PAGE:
3.     The individuals I play with are very important to my work.  There are a lot of them, who now live all over the country, and have them categorized in certain ways of people who would be good for free jazz playing, versus totally free playing, verses more inside jazz, or more inside contemporary classical music.  I recently put a group together for contemporary classical music (to play Cage, Cardew, Wolff, Rzweski, Feldman pieces) and have already learned a lot dealing with the various personalties, their own backgrounds, their own preferences, and it’s a unique group, with a unique sound and repertoire.  I learned a lot from putting together John Zorn’s Cobra 4 years ago, about how to lead a large ensemble, and how to deal with the diverse personalities of a 10-20 person group (playing open improv).  Whenever I have free projects I spend more time getting the ensemble together than I do for a straight ahead jazz gig, more time weighing the people, the instruments, how they play their instruments and what different people will bring to the table together.   I’ve learned technique oriented material from various players, especially in guitar extended technique and in electronics.  Because the projects are mine I feel like I spend more time having the other player adapt to whatever situation I’m putting them in.  Most musicians I use, at some point when I started playing with them, free playing was completely new to them, so I had to coach, teach, or prod in a certain way, usually more suggestions than forceful.  I adapt mostly by just laying out and not playing and listening, or maybe by mimicking an idea, or realizing if it’s free jazz vs. free improv, or the sound of that moment with those musicians playing.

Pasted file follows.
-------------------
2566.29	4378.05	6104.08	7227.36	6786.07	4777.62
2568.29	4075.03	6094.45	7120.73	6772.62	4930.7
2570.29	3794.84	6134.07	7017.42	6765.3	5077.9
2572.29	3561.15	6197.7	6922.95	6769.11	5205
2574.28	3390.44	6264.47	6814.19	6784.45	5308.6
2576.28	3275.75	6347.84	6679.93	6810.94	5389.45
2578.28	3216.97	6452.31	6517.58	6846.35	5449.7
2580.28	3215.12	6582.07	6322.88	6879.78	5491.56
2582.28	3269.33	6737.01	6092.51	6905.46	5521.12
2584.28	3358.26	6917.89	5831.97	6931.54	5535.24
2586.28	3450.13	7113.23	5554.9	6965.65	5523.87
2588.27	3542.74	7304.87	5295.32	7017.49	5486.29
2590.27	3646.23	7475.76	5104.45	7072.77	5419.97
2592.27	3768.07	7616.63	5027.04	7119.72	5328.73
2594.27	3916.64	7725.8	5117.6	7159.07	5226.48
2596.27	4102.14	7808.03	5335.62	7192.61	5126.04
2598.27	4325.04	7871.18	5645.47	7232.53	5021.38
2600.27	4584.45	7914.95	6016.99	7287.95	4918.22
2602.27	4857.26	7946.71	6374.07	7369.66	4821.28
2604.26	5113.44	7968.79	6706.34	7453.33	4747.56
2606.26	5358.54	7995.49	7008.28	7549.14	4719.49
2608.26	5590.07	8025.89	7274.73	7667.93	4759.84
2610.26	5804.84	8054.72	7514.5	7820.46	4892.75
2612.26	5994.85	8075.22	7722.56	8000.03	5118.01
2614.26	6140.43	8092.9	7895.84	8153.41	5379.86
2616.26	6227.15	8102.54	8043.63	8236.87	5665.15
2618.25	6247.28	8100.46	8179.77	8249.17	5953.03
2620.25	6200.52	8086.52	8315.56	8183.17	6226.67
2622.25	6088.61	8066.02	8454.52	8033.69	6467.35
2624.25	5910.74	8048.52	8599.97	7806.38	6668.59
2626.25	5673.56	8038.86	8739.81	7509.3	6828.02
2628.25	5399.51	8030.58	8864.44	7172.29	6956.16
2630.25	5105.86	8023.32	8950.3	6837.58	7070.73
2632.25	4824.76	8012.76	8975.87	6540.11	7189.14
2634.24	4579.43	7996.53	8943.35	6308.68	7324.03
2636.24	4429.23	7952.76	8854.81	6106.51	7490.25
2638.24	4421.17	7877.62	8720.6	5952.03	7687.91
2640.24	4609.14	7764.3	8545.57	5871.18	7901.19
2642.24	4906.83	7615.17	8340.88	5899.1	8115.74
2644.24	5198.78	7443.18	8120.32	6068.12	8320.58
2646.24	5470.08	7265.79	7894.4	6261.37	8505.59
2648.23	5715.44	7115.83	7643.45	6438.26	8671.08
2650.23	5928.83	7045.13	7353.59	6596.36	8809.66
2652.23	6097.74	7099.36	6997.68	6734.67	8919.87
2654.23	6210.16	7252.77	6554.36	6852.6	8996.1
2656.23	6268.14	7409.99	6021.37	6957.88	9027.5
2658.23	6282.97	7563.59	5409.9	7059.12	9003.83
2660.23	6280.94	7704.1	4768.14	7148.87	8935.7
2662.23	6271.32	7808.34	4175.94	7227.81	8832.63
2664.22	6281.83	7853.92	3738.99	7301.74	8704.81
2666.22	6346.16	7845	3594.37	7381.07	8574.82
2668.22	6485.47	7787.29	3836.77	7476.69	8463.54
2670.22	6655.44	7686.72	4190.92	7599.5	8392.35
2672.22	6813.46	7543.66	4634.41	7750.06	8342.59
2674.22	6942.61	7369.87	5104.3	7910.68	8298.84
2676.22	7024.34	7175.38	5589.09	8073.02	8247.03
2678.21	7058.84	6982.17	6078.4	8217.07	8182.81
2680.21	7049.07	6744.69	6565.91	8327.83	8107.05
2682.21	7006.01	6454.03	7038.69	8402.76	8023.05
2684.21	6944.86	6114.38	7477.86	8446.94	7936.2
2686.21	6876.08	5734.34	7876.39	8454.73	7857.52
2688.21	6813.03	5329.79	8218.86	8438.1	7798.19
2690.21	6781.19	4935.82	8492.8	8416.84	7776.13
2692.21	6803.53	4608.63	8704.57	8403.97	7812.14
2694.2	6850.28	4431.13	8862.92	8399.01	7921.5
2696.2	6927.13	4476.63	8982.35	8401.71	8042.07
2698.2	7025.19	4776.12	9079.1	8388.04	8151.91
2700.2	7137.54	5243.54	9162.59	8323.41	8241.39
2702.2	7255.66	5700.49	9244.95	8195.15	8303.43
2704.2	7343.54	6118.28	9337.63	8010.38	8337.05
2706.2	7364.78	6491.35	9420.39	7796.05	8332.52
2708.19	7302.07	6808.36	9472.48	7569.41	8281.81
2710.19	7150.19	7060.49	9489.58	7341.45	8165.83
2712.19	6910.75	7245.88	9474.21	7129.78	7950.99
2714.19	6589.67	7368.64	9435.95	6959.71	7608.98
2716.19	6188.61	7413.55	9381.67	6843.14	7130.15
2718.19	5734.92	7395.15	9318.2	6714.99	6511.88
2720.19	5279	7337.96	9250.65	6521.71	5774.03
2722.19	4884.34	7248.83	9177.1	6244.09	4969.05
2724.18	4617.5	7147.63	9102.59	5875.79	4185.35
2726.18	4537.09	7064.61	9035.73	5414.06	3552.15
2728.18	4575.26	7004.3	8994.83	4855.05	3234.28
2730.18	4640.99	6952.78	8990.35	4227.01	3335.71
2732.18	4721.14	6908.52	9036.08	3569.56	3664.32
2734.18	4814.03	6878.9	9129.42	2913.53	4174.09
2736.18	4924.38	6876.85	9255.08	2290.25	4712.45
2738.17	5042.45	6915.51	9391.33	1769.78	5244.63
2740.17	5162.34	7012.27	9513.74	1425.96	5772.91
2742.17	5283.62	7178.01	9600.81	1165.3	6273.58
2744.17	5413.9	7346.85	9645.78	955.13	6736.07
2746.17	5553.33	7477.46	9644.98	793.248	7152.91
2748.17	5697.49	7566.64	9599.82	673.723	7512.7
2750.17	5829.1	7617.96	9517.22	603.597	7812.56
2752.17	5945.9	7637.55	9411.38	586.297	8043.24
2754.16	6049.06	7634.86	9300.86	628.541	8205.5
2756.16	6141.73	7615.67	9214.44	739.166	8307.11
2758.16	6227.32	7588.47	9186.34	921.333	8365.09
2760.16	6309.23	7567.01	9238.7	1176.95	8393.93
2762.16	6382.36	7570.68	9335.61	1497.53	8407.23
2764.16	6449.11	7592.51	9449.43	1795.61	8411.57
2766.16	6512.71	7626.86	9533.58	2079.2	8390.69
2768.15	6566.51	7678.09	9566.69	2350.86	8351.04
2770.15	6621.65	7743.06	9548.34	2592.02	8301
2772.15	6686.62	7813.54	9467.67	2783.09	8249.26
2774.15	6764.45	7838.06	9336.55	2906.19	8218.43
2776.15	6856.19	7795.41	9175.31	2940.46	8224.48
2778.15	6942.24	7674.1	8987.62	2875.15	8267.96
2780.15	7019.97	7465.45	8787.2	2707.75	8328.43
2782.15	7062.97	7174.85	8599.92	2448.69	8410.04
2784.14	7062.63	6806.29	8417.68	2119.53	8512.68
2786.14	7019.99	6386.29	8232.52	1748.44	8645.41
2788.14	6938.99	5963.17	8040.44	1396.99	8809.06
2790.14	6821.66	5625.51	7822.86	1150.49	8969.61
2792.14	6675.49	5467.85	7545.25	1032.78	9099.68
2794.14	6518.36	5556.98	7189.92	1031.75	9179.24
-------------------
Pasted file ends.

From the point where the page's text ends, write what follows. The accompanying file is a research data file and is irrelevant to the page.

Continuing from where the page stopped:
4.     I think I like to rely on non musical materials to relate to my work.  I still am working out research with abstract expressionist painting and music, and various poety and literature and involving that somehow into the music.  I spent a lot of time with Cardew’s graphic score Treatise, so really just looking at abstract symbols on a page, and trying to come up with a logical interpretation.  I think when I get thrown out of the musical realm, and have to relate nonmusical ideas musically is when a certain creative element comes out.  Other than that, I do think about timbre, and the world of sounds maybe more than other elements like melody or harmony.

5.     Pulse depends again on what is being played.  Most of my trio MTM’s music was not pulse based, and if it was was a loose pulse.  Most free jazz music, to me, is pulse based, like having a fast broken swing beat, or free bop, with walking bass and swing drums, just no set changes (and a swing feel).  When pulse arises in totally free playing it can be a fun anchor to play with, not play with, or play against.  I have a text piece where I come upon certain parts of it, and imitate the ticking of a clock by knocking my bow against the tail piece.  I think I prefer no pulse, so sounds can be sounds, and not something I can imagine a person putting a beat behind, or drum groove behind…maybe comes out of more my Cage/Cardew sensibilities, the sound of modern contemporary classical music, more so than free jazz.

6.     Interaction depends on the group or the music played.  There is Wolff’s “Edges” which performers can choose to stay in their own world and just play while others are playing, or the opposite and be totally focused on all the other players informing when they do or don’t come in.  John Zorn’s “Cobra” has addressed it with an improv game based on personalities, people taking charge, or people sitting back and playing when they are called on to play.  With free jazz settings I think I use more eye contact and visual cues in the experience, but other free playing is more meditative to me, and sitting there in a dark room (sometimes) playing off of the sounds, and focusing more on each individual sound and it’s source, and sometimes getting lost as to what is sounding what.